As we begin a new year, we anticipate a fresh calendar as yet unsullied by our weaknesses, failures, and sins. Many of us might wish to go back and wipe clean the 2014 calendar, but, of course, that is impossible. The best among us must harbor many regrets and sigh for opportunities for “do-overs.” But we cannot go back, and as careful and as faithful as we might be, we know that the clean calendar now before us will all too soon have its share of dates blackened by misdeeds. How wonderful, then, it is to consider that God’s redemptive plan will not be complete until He—as He declares in the penultimate chapter of the Bible—“make[s] all things new” (Rev. 21:5). C. I. Scofield notes that this chapter mentions several new things: the new heaven, the new earth, the new people, the new Jerusalem, the new temple, and the new light. Perhaps the capstone is the declaration mentioned in the preceding paragraph: “Behold, I make all things new.”
God is no repairman. In salvation God has not cobbled a used carburetor—or even a new one—to an old broken down vehicle, in effect keeping an increasingly decrepit vehicle running after what should have been its expiration date. Nor is He a tailor, patching a hole in a pair of pants or sewing up a ragged tear in a jacket. He is a Creator of new things.
We remember the initial creation. At the end of the sixth day, God surveyed His pristine work, “And God saw every thing that he had made, and, behold, it was very good” (Gen. 1:31). God’s standard is perfection, a standard that He met during those first six days. But as wonderful as was that creation, it would be marred quickly by Adam’s fall, leaving man and everything in the universe irreparably damaged and scarred by sin. But as we said, God is not repairing anything. The work of redemption accomplished what the work of creation did not: it has purchased a universe that will be unflawed by sin. Such is His work of making all things new that no remnant, no shadow, no guilt, nor even a memory of personal sin will remain.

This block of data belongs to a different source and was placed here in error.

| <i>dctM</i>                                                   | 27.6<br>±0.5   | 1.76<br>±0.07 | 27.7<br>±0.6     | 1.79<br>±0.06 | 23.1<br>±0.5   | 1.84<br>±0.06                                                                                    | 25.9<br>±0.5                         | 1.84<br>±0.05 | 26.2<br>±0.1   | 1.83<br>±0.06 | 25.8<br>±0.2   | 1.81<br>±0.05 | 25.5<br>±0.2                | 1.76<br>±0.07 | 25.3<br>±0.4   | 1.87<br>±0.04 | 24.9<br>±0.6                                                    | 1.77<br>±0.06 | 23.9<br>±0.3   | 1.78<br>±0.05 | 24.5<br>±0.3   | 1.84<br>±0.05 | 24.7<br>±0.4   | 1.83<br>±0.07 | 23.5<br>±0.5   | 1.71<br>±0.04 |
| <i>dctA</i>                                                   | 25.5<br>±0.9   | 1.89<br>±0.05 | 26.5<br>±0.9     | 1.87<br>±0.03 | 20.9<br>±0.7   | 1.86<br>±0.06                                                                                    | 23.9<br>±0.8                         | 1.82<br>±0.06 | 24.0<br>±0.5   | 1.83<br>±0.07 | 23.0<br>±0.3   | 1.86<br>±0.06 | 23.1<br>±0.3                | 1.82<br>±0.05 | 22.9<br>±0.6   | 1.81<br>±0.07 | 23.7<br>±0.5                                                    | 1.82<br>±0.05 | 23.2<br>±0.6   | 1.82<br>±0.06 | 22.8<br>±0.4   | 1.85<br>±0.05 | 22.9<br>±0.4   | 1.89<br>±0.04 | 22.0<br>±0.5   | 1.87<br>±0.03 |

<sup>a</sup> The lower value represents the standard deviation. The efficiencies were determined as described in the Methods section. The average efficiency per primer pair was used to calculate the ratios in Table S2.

The work of redemption, which culminates in making all things new, is in some regards a greater work than that of creation. For it is and will remain perfect, wholly God’s work, untarnished by man. We have never known the like. For though those who have been saved have a perfect new nature (“Whosoever is born of God doth not commit [“practice”] sin; for his seed remaineth in him: and he cannot sin, because he is born of God” [I John 3:9]), we still have an old nature that is unregenerate and perpetually at enmity with God, a nature that manifests itself all too frequently, enticing us to sin. We walk about in sin-laden bodies in a sin-scarred world, the ravages of Adam’s rebellion and God’s consequent curse weighing us down like a heavy load on our shoulders and making everything we do an effort.
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